A suspected U.S. missile strike killed four alleged insurgents Monday in a militant stronghold near the Afghan border, Pakistani intelligence officials said.
The two officials said a pair of missiles hit a vehicle close to Mir Ali town in North Waziristan.
They spoke on condition of anonymity because they were not authorized to speak to the media on the record.
The area is home to militants from the Afghan and Pakistani Taliban and foreign Islamist fighters.
Pakistan's army has not launched an offensive in North Waziristan, meaning militants there have an effective safe haven.
The U.S. routinely fires missiles at militant targets, drawing Pakistani government criticism.
Also Monday, violence continued in Karachi, the country's largest city, where gunmen killed four more people,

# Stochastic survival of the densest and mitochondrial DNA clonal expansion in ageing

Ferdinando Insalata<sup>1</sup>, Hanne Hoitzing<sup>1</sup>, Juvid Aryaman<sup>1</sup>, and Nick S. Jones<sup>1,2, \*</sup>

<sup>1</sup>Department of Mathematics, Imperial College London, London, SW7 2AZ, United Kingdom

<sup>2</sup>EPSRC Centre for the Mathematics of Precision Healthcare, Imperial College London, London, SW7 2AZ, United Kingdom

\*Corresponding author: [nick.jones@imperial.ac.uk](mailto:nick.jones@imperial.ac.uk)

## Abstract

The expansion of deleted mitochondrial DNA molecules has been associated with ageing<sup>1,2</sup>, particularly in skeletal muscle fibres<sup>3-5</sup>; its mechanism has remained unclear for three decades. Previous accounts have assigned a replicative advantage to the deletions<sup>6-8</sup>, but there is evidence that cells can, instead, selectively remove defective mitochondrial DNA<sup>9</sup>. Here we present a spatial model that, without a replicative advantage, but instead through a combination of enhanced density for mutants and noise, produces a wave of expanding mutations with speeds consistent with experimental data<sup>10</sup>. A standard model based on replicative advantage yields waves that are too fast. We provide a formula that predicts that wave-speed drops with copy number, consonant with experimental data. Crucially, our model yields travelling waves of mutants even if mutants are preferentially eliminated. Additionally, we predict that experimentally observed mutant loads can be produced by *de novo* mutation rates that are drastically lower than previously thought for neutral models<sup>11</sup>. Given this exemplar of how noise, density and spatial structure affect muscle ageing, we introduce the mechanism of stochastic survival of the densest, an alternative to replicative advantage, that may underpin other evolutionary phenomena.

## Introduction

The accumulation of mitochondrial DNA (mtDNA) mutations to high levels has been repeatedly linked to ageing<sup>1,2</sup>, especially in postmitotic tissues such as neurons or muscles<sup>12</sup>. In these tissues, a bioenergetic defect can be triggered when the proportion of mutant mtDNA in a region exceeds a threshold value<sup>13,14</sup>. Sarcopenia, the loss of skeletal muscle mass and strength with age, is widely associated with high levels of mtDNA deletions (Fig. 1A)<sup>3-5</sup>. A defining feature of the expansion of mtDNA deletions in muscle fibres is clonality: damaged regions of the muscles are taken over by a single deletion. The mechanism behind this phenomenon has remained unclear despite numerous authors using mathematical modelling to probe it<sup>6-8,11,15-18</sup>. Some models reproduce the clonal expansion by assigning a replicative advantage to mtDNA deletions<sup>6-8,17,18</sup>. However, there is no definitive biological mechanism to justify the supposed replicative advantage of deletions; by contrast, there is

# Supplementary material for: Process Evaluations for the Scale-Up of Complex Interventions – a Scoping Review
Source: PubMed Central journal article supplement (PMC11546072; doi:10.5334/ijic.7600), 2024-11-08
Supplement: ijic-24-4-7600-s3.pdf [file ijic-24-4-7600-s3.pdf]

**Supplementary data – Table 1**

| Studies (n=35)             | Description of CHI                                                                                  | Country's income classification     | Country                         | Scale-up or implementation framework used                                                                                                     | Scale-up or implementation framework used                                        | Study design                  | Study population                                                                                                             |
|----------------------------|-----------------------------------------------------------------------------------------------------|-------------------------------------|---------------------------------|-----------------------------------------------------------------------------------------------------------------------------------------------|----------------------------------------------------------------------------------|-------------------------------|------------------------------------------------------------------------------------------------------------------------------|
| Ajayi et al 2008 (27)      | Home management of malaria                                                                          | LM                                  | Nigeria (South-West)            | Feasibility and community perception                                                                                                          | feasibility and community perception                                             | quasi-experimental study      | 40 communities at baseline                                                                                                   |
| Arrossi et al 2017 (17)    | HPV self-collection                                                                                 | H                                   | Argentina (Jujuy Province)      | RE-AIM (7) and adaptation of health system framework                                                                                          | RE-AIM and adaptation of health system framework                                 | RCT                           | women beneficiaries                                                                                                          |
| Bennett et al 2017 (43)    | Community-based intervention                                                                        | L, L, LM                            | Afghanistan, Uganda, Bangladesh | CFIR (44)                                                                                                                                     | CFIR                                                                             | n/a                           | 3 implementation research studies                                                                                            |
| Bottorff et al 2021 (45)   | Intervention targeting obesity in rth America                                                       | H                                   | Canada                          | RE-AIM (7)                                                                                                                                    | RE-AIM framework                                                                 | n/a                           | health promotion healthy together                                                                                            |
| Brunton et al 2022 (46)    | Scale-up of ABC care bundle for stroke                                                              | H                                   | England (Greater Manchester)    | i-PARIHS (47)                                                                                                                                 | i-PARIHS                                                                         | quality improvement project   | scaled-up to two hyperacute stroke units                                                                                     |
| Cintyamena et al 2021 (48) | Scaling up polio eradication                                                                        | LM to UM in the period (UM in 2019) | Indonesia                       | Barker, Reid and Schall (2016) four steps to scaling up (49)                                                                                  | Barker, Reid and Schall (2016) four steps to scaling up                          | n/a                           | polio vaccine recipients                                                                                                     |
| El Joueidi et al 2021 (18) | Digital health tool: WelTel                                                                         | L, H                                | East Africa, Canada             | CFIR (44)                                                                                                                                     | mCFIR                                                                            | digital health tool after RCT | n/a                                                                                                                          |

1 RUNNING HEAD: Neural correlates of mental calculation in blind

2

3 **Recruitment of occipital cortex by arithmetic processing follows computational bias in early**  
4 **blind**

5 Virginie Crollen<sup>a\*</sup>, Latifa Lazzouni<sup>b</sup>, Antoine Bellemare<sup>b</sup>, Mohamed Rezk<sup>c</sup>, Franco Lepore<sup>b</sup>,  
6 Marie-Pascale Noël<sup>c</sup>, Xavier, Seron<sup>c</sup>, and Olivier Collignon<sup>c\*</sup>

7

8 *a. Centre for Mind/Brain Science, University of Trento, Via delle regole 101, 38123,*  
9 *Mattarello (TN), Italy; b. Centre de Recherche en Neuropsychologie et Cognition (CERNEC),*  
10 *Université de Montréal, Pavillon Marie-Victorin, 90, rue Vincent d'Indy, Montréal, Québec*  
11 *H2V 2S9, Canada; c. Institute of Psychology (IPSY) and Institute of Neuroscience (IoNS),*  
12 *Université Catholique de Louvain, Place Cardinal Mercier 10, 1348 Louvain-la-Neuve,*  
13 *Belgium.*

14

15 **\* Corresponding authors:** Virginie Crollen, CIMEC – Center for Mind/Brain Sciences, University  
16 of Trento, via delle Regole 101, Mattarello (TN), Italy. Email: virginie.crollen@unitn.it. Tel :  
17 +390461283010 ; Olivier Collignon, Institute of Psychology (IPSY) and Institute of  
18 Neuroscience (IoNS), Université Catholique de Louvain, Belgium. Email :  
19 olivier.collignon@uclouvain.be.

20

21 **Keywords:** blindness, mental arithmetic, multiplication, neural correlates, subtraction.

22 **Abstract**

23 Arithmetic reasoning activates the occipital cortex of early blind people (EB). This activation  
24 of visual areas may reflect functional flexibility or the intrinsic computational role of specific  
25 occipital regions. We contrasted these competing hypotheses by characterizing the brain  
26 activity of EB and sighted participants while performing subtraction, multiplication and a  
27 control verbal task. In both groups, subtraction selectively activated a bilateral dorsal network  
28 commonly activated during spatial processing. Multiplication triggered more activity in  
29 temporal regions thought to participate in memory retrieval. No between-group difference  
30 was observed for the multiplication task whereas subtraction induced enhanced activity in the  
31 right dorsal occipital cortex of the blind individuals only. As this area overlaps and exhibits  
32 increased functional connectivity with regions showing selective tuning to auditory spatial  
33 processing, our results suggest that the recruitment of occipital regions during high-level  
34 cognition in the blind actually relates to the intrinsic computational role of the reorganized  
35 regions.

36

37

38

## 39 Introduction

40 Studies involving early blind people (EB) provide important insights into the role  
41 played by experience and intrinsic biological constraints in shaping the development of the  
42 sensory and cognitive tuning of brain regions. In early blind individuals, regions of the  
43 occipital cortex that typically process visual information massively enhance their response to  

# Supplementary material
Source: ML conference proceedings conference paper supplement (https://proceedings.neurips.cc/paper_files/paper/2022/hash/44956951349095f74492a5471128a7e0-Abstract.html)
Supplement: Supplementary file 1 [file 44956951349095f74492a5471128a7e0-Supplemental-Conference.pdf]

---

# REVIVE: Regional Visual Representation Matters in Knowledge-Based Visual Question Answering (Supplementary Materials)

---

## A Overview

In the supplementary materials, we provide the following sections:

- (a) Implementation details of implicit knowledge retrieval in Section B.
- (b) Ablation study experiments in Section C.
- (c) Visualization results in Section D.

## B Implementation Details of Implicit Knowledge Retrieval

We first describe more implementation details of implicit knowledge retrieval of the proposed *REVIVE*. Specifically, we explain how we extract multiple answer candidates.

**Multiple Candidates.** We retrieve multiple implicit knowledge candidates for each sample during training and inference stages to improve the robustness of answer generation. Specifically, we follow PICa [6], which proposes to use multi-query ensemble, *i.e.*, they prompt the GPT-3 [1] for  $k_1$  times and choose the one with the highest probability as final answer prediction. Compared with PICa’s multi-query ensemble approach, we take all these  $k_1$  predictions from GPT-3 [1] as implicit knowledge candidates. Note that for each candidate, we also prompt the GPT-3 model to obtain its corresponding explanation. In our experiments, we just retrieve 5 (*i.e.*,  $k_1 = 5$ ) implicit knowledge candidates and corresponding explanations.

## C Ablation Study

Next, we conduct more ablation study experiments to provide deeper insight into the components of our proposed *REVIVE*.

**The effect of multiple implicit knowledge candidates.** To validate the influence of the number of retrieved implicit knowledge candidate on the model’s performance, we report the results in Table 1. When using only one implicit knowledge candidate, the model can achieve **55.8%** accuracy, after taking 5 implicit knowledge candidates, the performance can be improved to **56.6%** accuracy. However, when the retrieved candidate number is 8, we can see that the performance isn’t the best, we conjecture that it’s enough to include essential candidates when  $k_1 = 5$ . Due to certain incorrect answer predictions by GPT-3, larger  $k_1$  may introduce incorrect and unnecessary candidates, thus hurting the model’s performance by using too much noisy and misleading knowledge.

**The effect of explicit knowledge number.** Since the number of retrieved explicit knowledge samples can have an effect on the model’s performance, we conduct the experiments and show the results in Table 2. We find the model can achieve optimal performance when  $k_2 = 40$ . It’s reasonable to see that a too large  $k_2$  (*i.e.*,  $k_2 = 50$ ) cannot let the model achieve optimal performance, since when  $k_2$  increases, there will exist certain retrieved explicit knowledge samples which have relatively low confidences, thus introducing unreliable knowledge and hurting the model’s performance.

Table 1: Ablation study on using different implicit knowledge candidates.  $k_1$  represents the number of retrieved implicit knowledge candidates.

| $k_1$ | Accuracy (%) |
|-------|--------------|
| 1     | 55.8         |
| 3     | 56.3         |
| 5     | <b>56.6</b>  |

Sharfuddin Memon, a provincial government adviser on security, said the four were gunned down Monday in a busy neighborhood where several key police facilities are located.
Senior provincial medical officer Hamid Parihar said the bodies of 18 people who were shot or tortured to death were brought to government hospitals in Karachi in the past two days.
At least 85 people have been killed in Karachi in the past week.
The city has a long history of violence, with much of the fighting blamed on gangs allegedly linked to political parties.
The Muttahida Qaumi Movement, the city's most powerful political party, said It will observe a general strike to protest the violence Tuesday, urging traders to shut down their businesses and transporters to take vehicles off the road.
Associated Press Writer Ashraf Khan in Karachi contributed to this report.